THE parliamentary committee headed by prime minister Ranil Wickremesinghe that was established to look into the provincial delimitation report has requested that they be given a further two months to submit their recommendations for electoral reform. The prime minister had assured that steps would be taken to avoid loop holes that might delay provincial elections further. These assurances are a repeat of what has been promised for the past several months since provincial elections were first postponed. With this further postponement there is no prospect of provincial council elections being held this year. Even in the optimistic case of the parliamentary committee deciding on a final set of proposals in two months the process of legislation through parliament, and calling for nominations, would take the elections to the month of March 2019 if not later. By then the focus will be on presidential elections.
The delay in holding the provincial council elections will only postpone the day of reckoning for the government alliance in the event that its current state of disunity continues. If the UNP headed by the prime minister and the SLFP headed by president Maithripala Sirisena were to contest the provincial elections separately, as they did the local government elections in February, the outcome is not likely to be any different. At the local government elections, the SLFP headed by former president Mahinda Rajapaksa defeated the divided government parties by a comfortable if not large margin in a majority of local government bodies. Whether this was a protest vote against the government, or due to the charisma of the former president, is less relevant than the fact that this outcome is likely to be repeated at the provincial council elections. The government’s concern would be the knock-on effect on the presidential election that will follow.
Up to now all indications are that the two government parties are set to go their own ways, and to their likely mutual downfall. Recent public statements of president Sirisena on issues of governance have been at embarrassing variance with those of the rest of the government. An illustrative example would be his stated desire to go to New York and address the UN General Assembly to extricate Sri Lanka from the commitments the government made in Geneva in October 2015 before the UN Human Rights Council. These commitments to human rights and to transitional justice won the support of the international community. But the government has failed to convince the majority of people in Sri Lanka, including it appears the president himself about the value of these commitments. The president has also given indications that he opposes investigations into possible crimes committed by senior members of the Sri Lankan security forces, even where those crimes were committed off the military battlefield.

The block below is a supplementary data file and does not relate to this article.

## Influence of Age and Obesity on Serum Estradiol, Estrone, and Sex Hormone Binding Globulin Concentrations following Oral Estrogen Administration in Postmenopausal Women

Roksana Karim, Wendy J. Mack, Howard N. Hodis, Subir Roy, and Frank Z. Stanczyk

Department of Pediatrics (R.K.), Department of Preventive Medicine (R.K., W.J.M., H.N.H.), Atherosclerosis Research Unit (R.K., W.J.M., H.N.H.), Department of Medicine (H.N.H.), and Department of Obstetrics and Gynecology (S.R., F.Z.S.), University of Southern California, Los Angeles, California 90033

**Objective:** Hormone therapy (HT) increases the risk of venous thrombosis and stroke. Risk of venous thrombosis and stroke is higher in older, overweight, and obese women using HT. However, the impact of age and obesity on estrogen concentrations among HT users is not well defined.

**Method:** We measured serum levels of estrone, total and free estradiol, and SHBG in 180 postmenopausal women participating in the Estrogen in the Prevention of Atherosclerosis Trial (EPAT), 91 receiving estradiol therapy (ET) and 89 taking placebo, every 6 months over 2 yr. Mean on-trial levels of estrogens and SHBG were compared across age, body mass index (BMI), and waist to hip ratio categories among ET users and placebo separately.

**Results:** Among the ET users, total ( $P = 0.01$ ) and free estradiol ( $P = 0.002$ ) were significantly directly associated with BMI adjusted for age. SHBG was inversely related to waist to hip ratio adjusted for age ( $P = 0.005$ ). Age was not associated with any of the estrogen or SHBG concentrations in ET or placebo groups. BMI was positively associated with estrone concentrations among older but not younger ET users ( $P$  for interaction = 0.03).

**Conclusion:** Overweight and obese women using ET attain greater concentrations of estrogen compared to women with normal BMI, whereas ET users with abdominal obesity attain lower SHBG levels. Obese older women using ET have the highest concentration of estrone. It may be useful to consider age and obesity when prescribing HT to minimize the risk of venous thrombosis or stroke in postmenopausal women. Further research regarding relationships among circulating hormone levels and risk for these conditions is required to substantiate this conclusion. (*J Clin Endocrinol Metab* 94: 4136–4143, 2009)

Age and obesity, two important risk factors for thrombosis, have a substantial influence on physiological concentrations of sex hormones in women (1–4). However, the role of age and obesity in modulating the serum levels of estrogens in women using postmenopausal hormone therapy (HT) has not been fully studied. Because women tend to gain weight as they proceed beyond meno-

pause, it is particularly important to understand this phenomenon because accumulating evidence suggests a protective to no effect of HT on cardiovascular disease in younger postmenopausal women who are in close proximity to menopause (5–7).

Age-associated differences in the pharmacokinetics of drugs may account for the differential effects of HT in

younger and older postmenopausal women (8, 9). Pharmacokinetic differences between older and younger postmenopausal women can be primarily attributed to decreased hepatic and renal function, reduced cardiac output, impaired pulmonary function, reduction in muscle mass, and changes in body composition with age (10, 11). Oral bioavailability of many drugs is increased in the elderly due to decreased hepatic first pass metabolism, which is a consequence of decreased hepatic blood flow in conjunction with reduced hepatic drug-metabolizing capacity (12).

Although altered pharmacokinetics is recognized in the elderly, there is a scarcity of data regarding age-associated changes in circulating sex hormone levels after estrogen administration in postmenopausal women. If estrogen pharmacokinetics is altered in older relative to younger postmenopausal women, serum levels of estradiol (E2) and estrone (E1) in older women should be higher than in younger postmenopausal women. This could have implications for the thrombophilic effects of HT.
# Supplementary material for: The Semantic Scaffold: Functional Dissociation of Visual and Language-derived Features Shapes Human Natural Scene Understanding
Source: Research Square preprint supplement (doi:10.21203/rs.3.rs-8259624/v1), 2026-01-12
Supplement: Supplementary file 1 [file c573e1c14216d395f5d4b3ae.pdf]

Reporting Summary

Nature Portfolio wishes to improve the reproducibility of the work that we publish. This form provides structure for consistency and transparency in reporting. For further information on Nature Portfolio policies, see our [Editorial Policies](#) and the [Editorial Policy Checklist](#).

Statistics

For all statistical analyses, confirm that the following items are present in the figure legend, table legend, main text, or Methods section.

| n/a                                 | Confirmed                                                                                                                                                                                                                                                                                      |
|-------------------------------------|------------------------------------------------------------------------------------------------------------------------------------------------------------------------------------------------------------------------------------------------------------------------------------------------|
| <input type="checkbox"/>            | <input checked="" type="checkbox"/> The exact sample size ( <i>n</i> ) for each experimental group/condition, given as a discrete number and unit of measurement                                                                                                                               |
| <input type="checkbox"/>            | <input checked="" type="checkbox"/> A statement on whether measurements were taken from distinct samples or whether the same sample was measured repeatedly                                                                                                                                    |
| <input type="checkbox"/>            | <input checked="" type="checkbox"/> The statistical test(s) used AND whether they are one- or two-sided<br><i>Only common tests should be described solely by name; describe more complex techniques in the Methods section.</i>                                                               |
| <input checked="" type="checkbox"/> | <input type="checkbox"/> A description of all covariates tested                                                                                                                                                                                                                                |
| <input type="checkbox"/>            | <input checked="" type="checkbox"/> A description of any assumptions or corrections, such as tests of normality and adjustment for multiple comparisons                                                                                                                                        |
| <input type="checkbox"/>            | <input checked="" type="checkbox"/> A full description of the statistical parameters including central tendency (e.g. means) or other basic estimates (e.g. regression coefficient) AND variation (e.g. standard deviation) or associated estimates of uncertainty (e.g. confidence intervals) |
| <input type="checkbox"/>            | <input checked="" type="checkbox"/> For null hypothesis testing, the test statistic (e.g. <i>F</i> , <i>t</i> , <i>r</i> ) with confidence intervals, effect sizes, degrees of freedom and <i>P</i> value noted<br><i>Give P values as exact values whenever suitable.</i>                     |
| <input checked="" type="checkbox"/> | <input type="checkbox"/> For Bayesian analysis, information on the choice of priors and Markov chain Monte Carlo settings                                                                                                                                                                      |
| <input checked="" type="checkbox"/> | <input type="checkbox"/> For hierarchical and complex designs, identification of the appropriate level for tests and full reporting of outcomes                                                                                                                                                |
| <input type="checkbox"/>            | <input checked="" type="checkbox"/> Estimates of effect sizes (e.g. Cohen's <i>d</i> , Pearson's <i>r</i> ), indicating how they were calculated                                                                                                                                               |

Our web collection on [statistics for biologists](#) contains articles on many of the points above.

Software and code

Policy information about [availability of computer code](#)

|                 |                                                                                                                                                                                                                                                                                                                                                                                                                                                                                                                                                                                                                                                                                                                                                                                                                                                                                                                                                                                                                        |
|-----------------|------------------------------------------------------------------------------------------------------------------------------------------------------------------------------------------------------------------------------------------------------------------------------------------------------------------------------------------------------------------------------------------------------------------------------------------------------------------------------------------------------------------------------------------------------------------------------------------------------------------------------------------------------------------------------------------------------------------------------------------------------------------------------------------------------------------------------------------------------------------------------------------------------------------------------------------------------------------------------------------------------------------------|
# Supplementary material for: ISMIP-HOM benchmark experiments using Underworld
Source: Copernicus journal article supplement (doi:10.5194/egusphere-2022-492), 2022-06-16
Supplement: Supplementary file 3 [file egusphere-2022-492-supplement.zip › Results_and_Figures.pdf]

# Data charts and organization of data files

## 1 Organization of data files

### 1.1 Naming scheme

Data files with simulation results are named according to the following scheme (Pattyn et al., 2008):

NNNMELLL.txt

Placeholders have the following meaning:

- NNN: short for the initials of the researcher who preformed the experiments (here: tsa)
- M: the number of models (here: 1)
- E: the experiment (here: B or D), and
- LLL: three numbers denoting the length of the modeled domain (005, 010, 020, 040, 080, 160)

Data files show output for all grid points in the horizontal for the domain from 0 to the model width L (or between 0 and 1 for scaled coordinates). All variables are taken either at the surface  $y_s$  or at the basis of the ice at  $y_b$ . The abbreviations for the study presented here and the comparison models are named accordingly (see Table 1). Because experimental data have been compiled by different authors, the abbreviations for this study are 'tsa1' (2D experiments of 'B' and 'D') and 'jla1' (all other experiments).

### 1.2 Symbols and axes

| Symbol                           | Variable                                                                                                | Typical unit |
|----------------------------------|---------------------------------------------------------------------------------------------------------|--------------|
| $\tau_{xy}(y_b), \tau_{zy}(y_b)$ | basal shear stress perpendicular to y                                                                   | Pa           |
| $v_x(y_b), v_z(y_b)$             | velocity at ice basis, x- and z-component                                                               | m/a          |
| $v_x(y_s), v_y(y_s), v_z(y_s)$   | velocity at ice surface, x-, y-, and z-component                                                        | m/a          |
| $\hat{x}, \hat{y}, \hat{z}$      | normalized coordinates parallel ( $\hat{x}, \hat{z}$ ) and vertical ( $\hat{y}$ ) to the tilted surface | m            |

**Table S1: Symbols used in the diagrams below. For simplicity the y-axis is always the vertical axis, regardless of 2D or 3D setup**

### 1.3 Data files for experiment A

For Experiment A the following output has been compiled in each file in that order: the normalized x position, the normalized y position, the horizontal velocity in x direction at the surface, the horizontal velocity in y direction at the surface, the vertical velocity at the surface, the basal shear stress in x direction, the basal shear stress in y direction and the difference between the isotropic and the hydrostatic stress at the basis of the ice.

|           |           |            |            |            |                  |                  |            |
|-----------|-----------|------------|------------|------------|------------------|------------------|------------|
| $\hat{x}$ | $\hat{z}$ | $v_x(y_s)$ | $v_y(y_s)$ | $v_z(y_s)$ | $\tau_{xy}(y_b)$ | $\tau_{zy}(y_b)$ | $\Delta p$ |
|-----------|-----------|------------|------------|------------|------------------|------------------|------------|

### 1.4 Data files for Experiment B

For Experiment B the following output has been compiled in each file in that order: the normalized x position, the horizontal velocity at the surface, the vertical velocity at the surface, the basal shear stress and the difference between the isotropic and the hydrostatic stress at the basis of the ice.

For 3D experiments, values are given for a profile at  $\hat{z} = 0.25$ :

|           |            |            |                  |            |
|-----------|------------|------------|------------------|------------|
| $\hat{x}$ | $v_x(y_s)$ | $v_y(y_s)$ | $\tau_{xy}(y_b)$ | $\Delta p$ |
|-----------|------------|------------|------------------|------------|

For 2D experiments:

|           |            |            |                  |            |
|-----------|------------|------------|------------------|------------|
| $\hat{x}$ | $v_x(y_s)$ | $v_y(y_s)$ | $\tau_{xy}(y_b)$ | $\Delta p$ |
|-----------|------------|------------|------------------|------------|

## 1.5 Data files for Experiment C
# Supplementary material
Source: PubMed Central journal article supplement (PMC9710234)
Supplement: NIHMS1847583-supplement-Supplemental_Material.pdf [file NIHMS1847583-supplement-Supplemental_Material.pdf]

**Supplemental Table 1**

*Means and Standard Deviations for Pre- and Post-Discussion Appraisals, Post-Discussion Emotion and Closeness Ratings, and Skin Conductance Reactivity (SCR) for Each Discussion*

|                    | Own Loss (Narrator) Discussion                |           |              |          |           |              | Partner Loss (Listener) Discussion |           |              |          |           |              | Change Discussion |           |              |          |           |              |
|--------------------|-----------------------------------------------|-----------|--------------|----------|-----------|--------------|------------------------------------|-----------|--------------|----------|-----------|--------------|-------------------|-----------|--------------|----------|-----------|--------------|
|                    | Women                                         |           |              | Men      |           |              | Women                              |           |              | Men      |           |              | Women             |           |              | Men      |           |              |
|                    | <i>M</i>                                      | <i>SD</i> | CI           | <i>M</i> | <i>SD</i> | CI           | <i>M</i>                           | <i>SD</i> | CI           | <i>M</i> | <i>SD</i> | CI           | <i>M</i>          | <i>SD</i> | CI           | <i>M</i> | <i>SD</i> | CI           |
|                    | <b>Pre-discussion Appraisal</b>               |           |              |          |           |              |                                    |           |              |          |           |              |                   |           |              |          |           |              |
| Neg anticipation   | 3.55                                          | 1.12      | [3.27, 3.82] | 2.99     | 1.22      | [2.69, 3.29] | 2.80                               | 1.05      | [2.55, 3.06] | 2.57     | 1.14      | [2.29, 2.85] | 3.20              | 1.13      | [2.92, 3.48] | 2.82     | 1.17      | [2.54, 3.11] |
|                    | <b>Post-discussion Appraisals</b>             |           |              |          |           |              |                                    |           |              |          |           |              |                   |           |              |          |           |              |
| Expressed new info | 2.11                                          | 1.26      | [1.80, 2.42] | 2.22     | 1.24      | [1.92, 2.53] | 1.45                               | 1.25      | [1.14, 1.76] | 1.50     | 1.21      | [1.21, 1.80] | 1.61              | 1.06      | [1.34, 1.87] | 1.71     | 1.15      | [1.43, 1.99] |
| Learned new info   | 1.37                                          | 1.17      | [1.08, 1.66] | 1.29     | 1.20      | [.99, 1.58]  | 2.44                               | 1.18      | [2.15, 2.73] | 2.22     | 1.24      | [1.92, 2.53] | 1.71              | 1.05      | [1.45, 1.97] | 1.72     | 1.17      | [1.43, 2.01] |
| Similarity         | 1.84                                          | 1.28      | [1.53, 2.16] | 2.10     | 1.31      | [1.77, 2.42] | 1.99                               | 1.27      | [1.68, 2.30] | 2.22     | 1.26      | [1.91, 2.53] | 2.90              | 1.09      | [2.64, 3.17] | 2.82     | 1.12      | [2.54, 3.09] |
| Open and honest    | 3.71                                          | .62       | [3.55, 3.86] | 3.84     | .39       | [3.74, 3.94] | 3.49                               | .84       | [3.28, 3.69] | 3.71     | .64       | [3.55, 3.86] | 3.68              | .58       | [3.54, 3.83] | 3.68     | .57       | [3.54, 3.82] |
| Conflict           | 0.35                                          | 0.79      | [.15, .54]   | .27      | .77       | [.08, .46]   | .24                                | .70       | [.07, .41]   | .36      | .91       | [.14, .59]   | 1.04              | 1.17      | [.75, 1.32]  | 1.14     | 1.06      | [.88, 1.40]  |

IT IS possible that president Sirisena’s unhappiness with the Geneva commitments of the government and the ongoing police investigations and prosecutions of senior military personnel is due to his belief that he is heeding the sentiments of the majority of people. Unfortunately, the country is presently suffering from a dearth of leaders willing to take the people into their confidence and tell them what needs to be told. Instead of truth telling and public education, the differences between the president and the government on issues of international relations, human rights and accountability are so wide that it seems that the government alliance is set to go their own ways. However, the task of a true national leader is to lead the people to support the implementation and practice of good governance and human rights on a sustained and long term basis in a way that is in the best interests of all in the country.
The delay in conducting the provincial council elections offers the government alliance the time and space to negotiate a working relationship before the crucial presidential elections set for November 2019. Improving the working relations between the two parties, and their two leaderships, is more possible in the short time remaining before the next presidential elections than, for instance, boosting economic growth or succeeding in constitutional reform that meets with the acceptance of all parties and communities. On the positive side in terms of improving relations, president Sirisena is no longer openly trying to undermine prime minister Wickremesinghe as he did during the local government elections, nor are the SLFP members of the government openly criticising their UNP counterparts in the government.